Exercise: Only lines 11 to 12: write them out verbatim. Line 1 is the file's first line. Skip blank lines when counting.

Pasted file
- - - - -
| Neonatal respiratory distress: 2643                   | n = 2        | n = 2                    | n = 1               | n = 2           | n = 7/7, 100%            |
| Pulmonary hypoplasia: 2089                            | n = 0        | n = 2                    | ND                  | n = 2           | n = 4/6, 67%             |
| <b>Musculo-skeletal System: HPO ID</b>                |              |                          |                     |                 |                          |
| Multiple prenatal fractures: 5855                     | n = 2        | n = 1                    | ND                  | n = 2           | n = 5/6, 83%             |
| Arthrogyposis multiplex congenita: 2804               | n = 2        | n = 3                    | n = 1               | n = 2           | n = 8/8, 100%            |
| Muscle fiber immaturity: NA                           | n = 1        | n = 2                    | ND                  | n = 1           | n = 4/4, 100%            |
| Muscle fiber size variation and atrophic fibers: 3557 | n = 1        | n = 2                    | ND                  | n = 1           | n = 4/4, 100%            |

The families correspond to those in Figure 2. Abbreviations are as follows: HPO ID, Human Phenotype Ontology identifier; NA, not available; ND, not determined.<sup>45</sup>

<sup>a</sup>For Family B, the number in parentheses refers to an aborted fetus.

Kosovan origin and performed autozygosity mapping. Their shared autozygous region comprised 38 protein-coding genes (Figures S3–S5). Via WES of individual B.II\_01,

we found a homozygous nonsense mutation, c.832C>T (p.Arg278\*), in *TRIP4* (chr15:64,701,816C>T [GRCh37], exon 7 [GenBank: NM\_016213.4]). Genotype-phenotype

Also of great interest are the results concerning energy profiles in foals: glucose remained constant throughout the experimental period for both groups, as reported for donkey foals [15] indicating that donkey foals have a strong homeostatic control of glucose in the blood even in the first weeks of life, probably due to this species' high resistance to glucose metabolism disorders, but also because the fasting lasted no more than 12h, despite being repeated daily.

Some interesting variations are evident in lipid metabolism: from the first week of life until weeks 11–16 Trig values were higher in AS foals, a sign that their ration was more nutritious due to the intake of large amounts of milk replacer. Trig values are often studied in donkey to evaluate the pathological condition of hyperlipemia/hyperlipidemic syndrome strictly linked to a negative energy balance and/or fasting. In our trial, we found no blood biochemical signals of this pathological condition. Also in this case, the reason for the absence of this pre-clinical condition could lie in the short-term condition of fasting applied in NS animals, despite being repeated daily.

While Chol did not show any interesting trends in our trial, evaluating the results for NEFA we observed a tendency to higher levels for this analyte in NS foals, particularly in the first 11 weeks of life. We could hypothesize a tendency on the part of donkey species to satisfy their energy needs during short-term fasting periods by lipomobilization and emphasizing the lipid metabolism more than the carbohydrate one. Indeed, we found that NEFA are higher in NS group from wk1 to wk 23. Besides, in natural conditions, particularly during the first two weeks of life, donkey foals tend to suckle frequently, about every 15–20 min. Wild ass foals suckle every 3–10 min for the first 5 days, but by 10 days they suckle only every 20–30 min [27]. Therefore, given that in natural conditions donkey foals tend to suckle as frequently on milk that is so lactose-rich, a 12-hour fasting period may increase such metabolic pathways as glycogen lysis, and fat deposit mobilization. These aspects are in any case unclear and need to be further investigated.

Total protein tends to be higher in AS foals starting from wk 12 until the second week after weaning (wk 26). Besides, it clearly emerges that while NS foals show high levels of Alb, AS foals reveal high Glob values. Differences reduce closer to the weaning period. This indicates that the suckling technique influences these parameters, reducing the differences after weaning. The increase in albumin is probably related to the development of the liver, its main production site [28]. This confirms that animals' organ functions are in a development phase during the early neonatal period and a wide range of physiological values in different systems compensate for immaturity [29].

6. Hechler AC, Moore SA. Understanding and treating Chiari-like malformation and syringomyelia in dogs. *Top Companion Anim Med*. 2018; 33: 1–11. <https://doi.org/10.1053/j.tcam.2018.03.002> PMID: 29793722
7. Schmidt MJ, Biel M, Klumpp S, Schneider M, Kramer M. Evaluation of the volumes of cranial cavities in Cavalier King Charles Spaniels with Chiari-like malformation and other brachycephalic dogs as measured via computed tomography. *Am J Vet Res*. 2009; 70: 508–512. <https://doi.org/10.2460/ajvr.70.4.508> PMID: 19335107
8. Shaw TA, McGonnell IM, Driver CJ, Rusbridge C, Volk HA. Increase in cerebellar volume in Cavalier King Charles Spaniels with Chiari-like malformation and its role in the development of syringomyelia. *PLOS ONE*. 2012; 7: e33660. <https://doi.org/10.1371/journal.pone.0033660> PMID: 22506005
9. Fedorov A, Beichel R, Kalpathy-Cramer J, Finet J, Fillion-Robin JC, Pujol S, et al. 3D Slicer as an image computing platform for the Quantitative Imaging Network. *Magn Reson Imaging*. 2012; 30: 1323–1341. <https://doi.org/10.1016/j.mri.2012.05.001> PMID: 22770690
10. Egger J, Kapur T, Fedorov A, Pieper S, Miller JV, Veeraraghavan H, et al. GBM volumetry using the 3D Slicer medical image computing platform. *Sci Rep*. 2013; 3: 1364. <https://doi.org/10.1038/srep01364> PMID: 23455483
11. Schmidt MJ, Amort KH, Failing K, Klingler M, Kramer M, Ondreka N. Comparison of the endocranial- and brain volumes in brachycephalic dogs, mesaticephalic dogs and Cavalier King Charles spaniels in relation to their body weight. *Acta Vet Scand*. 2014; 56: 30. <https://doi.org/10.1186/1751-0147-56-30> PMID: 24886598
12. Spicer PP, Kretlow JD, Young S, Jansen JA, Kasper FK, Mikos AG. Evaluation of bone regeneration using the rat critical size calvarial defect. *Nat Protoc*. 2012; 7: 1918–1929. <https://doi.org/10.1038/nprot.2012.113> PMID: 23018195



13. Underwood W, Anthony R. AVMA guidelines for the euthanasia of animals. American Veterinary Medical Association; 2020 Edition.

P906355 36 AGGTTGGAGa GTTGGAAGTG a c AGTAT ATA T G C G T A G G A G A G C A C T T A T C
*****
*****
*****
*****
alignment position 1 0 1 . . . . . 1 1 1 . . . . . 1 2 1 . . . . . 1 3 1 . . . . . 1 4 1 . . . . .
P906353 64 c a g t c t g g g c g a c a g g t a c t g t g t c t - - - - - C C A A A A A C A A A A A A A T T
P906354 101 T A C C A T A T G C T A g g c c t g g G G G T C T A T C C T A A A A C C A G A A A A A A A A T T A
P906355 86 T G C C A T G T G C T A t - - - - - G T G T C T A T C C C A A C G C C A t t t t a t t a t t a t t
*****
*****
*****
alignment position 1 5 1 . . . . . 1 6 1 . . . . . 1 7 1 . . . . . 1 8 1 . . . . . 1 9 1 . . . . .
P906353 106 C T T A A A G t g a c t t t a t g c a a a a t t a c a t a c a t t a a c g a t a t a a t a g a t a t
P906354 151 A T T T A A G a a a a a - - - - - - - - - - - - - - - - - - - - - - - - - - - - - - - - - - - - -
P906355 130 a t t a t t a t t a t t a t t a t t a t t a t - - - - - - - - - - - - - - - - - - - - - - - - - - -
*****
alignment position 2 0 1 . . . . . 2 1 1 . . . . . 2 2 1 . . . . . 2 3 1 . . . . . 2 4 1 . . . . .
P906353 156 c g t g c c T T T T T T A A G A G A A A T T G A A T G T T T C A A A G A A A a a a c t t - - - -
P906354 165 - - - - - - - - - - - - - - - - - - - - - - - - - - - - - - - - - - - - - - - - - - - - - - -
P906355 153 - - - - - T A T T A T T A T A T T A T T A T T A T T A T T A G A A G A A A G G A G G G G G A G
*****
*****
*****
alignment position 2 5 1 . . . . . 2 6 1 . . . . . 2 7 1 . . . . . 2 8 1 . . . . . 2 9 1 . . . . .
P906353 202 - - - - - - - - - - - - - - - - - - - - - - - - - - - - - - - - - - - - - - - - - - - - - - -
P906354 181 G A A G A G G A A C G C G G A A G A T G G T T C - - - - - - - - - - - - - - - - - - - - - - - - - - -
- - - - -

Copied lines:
we found a homozygous nonsense mutation, c.832C>T (p.Arg278\*), in *TRIP4* (chr15:64,701,816C>T [GRCh37], exon 7 [GenBank: NM\_016213.4]). Genotype-phenotype

Also of great interest are the results concerning energy profiles in foals: glucose remained constant throughout the experimental period for both groups, as reported for donkey foals [15] indicating that donkey foals have a strong homeostatic control of glucose in the blood even in the first weeks of life, probably due to this species' high resistance to glucose metabolism disorders, but also because the fasting lasted no more than 12h, despite being repeated daily.